Monday, April 4, 2011

Lust for God

The Devils (1971) - Russell
Heavily censored and outright banned in many countries upon its release, Ken Russell's The Devils tells a story of witchery and political intrigue in the plague ridden 17th century France in true Ken Russell fashion - operatic, vulgar and very very entertaining.

Father Grandier (Oliver Reed) of city state Loudun becomes the leader against the Cardinal (and King Louis XIII's consort) who wants to consolidate power in all of France in order to suppress protestant revolts. Well regarded and loved by many women (including all the nuns at the local convent), Grandier is a very vain man. Mother Jeanne (Vanessa Redgrave), a deformed nun in charge of the local convent is sexually obsessed with Grandier. The news of his secret marriage tips her over the edge and into madness. Other nuns follow suit. Baron Loubardemont, under the cardinal's order to demolish Loudun takes this opportunity to carry out despicable exorcism (forced enema among others) on the nuns in their religious/sexual frenzy and therefore accusing Grandier of bewitching the lustful nuns. It all culminates to the raping of the statue of Jesus in the convent by naked crazy nuns and Grandier burning at the stake.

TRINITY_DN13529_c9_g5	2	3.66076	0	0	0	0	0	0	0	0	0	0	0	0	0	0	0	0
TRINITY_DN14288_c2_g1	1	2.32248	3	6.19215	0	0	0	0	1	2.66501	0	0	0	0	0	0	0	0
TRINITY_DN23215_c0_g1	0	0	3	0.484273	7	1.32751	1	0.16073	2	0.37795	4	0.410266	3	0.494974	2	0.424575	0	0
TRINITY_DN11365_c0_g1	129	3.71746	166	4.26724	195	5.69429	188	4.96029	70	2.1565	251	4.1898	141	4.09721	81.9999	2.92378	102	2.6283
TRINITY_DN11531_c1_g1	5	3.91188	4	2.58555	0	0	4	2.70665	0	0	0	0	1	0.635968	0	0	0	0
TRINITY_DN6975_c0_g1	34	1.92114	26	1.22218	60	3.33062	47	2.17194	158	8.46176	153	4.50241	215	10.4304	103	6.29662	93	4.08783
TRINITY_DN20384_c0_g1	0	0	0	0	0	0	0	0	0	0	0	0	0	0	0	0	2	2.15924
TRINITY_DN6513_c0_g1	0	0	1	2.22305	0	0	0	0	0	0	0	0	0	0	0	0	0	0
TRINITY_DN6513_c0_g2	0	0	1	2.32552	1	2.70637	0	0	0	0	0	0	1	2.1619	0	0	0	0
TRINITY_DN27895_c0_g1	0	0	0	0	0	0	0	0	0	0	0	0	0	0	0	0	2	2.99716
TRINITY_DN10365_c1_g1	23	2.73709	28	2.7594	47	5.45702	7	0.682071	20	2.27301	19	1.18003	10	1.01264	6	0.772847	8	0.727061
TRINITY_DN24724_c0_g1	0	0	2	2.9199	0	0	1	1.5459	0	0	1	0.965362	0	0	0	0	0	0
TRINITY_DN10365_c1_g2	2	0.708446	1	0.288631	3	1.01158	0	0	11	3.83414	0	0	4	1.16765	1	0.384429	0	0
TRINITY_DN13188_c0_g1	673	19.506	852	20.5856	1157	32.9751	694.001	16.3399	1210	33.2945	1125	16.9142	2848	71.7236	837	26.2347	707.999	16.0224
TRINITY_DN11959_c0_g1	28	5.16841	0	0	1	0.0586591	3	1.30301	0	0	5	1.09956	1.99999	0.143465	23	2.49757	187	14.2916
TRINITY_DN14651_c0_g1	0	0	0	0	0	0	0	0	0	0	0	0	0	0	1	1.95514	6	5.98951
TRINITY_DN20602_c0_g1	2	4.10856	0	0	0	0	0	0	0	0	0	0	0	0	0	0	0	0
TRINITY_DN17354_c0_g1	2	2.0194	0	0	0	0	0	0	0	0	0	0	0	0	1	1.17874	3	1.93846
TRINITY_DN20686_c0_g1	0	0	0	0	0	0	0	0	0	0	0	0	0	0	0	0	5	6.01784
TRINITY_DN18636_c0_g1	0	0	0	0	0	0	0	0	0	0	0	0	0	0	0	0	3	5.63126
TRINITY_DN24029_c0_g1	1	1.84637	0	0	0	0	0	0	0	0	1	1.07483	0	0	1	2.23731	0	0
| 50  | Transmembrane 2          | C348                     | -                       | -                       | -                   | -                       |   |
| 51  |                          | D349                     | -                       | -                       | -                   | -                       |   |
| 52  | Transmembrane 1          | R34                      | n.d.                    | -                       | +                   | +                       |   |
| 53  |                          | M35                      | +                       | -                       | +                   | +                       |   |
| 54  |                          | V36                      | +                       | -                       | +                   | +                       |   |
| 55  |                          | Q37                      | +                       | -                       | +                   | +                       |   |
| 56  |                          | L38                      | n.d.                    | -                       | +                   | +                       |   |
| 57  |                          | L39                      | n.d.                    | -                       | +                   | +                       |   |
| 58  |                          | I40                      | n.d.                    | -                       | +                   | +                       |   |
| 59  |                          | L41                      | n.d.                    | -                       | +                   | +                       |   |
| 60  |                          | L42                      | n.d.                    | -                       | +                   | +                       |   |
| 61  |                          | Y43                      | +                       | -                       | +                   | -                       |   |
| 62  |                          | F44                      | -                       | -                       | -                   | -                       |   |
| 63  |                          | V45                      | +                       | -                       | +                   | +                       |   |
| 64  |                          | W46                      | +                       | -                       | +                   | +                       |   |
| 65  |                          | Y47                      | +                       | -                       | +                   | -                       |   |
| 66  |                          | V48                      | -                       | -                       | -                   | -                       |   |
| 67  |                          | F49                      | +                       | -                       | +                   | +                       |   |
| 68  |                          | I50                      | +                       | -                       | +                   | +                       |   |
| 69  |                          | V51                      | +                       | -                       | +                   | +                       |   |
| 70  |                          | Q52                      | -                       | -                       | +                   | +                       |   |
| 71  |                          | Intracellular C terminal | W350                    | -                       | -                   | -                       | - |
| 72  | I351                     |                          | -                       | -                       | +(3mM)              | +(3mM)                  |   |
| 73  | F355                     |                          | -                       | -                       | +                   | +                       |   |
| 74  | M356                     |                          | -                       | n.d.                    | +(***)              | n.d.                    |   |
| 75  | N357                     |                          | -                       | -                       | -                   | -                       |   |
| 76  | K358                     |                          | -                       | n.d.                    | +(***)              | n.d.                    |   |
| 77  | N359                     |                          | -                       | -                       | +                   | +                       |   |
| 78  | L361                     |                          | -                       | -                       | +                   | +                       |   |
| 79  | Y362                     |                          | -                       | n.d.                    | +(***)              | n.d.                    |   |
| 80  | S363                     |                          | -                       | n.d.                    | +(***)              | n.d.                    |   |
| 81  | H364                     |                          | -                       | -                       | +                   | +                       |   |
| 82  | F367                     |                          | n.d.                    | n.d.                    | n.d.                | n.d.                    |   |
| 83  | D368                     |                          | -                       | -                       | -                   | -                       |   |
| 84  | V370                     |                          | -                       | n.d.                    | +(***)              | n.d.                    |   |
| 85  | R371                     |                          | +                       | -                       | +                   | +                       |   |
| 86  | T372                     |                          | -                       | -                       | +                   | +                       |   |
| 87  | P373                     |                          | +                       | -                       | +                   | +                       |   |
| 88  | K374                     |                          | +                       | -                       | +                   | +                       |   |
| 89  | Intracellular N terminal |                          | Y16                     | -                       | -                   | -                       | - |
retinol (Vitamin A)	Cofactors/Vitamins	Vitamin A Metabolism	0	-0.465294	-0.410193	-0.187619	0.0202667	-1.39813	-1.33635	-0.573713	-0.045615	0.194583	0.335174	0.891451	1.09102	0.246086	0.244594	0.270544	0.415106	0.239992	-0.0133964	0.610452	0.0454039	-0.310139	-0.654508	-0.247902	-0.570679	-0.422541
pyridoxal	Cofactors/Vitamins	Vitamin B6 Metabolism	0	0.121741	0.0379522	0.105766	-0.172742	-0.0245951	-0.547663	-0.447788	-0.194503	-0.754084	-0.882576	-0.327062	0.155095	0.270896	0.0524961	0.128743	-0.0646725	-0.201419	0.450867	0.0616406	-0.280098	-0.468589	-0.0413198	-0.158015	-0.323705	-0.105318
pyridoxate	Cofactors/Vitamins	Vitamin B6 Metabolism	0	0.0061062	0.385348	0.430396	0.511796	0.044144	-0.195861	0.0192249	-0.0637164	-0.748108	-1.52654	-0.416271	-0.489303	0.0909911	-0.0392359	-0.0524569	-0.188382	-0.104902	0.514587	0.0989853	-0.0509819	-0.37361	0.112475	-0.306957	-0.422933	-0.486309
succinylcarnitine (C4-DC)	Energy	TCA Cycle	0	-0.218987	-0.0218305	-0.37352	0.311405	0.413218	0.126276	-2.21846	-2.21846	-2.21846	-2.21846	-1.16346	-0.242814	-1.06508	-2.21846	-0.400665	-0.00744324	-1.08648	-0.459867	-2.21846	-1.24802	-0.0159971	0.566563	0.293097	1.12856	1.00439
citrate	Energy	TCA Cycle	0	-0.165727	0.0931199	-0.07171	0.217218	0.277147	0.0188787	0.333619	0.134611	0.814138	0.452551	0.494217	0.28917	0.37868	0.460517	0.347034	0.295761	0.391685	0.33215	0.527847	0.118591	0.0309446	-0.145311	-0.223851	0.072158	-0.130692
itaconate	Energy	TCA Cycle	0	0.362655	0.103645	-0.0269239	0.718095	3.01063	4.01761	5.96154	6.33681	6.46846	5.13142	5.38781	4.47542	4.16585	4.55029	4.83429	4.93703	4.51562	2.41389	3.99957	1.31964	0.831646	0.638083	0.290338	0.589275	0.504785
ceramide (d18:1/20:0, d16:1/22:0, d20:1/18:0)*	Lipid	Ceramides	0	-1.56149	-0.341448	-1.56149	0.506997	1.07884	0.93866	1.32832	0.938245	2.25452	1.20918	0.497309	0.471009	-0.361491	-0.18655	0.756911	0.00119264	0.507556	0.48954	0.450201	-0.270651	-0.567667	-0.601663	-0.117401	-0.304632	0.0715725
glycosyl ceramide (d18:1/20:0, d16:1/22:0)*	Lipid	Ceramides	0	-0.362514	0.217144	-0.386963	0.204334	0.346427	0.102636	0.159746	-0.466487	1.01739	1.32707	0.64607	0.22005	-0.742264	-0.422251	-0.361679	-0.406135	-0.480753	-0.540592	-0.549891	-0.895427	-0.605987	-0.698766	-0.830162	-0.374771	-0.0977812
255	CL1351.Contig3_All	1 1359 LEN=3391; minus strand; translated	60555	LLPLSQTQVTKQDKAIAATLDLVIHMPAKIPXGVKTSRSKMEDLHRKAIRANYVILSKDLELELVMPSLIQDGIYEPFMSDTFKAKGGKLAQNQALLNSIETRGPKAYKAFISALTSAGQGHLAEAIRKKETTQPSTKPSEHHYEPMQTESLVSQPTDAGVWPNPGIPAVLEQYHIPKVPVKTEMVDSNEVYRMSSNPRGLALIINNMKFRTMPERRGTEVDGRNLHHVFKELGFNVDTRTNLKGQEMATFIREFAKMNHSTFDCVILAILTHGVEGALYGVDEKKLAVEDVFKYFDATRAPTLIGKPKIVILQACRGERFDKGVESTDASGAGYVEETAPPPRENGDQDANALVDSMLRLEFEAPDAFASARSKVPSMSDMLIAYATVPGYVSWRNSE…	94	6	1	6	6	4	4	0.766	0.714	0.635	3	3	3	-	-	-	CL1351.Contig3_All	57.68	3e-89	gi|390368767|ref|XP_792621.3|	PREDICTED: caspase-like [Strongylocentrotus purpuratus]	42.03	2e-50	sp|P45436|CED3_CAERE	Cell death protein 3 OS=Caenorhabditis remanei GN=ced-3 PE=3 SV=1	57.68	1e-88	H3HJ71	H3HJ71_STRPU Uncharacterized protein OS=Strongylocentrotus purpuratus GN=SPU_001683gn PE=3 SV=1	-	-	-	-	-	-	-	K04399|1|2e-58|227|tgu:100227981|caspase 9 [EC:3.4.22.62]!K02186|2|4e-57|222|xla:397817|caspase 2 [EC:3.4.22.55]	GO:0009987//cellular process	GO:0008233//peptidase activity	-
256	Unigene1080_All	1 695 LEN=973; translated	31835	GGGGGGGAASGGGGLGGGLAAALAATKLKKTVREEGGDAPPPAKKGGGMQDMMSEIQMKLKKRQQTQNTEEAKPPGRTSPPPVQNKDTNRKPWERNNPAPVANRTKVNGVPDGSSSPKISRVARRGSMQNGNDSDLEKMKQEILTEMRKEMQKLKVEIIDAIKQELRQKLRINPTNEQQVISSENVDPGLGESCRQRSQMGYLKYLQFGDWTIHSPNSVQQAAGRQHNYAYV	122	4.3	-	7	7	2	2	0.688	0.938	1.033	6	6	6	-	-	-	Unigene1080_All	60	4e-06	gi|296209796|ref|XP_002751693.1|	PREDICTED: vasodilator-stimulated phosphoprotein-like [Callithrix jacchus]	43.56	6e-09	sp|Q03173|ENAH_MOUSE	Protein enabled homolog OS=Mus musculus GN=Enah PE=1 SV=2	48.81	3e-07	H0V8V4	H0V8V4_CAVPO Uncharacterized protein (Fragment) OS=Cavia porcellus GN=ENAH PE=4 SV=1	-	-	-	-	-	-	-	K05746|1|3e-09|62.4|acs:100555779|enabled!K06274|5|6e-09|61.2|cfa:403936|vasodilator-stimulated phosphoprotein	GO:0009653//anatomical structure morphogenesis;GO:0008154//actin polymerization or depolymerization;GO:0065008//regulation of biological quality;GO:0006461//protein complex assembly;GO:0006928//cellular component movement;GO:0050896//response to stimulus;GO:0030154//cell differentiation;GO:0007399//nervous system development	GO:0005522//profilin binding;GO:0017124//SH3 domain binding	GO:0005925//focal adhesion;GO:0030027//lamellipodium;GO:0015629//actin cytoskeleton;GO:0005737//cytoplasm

While poking fun at the organized religion and its faithfuls, Russell's bombastic filmmaking can be too much at times (especially crazy zoom-in/out shots in the orgy scene). Derek Jarman's set design - white tiled Loudun and David Watkins's hot-lights-in-your-face cinematography heighten the craziness. But it's Reed's performance (of his career) as a complex man of god that gives the film its gravitas. And orchestrating this much madness is an achievement in itself.


  1. Thats right , In some part of the world wasn't able to watch it .

  2. I don't understand why some countries take that kind of options , As not leting other to watch it.